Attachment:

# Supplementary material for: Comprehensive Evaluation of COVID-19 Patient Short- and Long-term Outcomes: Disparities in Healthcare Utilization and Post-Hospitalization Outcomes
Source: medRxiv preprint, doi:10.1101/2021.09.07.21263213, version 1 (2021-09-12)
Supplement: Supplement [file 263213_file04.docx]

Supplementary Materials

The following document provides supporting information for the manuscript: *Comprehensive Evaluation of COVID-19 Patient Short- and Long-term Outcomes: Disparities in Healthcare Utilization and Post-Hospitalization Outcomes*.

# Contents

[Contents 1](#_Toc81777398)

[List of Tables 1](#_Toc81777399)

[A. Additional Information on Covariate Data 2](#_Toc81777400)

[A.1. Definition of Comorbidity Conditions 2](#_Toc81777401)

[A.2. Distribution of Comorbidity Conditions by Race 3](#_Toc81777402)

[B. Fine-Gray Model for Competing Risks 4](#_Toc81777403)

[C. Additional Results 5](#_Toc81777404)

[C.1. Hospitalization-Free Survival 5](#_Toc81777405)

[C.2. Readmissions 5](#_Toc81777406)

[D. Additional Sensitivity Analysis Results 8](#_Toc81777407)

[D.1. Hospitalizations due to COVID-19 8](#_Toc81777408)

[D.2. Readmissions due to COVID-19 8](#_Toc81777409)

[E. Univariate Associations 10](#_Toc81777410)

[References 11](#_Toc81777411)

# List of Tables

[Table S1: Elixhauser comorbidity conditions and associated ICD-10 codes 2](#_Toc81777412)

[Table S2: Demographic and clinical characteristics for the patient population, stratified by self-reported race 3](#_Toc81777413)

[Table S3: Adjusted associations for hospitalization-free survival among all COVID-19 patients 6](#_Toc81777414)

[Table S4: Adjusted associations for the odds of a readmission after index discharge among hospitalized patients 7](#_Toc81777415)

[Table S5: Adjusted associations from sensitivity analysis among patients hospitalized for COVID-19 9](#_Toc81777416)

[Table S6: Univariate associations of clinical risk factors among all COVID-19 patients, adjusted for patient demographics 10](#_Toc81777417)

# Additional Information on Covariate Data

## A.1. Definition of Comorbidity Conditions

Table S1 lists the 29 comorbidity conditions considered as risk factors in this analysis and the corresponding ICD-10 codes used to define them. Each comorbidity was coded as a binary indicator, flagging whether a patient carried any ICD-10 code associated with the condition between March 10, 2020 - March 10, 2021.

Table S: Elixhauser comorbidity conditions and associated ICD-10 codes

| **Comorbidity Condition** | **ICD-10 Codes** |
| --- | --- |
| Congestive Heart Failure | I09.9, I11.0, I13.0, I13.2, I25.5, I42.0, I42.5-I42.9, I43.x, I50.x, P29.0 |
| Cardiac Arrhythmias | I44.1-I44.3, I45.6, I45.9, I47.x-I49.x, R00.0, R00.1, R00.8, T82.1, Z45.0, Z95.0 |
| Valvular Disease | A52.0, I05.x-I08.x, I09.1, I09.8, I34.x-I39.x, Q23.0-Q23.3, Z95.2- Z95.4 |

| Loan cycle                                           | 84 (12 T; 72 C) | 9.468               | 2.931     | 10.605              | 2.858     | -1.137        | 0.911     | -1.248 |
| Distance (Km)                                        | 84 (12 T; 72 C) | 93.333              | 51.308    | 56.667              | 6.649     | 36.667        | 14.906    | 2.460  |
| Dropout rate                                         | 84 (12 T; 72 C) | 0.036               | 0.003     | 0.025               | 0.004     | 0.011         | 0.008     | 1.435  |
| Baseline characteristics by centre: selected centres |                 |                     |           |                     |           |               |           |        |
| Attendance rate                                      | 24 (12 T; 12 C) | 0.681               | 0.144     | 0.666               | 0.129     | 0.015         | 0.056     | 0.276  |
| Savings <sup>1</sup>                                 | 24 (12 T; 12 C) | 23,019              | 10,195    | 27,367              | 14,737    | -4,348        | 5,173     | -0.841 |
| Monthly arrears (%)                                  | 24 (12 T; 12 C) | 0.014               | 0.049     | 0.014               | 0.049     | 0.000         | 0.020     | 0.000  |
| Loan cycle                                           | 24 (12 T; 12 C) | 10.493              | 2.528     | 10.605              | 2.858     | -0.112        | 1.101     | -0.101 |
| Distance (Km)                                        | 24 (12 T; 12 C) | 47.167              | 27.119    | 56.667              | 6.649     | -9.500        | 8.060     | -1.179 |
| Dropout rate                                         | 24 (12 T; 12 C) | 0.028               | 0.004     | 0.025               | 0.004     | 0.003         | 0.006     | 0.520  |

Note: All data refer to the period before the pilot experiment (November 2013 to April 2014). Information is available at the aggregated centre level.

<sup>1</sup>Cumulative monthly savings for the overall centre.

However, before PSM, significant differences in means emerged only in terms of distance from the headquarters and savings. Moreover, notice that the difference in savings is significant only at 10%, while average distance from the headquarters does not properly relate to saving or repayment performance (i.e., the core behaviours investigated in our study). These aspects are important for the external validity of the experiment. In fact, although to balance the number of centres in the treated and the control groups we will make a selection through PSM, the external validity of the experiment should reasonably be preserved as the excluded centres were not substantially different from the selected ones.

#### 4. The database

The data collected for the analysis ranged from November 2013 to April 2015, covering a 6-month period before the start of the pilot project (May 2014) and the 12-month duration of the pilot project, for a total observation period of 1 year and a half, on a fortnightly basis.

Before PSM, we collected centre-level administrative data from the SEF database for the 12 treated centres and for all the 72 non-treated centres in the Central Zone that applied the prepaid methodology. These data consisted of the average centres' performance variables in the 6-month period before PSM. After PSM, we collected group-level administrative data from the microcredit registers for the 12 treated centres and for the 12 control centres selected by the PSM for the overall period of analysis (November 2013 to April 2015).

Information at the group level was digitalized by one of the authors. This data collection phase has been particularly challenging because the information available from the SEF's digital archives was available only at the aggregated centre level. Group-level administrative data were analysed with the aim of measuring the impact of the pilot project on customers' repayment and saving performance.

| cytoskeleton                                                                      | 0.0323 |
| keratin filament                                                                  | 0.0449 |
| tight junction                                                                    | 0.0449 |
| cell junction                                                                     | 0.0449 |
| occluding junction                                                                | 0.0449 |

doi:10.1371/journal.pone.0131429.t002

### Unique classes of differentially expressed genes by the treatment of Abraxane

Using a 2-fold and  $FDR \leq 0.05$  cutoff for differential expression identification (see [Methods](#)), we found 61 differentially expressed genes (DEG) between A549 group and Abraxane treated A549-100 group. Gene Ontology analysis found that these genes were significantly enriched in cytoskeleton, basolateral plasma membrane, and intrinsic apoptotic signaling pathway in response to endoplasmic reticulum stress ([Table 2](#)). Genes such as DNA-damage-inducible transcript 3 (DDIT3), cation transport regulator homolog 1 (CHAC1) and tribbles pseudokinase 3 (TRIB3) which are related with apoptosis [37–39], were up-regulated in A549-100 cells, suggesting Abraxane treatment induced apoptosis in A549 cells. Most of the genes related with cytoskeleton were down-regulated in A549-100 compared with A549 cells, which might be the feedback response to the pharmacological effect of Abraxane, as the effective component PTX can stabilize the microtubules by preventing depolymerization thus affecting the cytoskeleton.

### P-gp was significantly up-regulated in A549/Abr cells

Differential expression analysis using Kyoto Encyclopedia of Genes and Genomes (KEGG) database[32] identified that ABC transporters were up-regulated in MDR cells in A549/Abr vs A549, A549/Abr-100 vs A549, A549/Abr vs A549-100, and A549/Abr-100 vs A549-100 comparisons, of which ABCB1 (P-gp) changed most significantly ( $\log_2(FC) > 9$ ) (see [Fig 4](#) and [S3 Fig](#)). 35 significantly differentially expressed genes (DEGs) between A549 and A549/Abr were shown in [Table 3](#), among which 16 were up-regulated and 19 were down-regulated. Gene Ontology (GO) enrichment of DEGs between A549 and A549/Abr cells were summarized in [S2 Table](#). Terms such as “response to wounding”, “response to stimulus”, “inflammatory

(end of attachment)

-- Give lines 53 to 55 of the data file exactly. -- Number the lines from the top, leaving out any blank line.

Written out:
Information at the group level was digitalized by one of the authors. This data collection phase has been particularly challenging because the information available from the SEF's digital archives was available only at the aggregated centre level. Group-level administrative data were analysed with the aim of measuring the impact of the pilot project on customers' repayment and saving performance.

| cytoskeleton                                                                      | 0.0323 |
| keratin filament                                                                  | 0.0449 |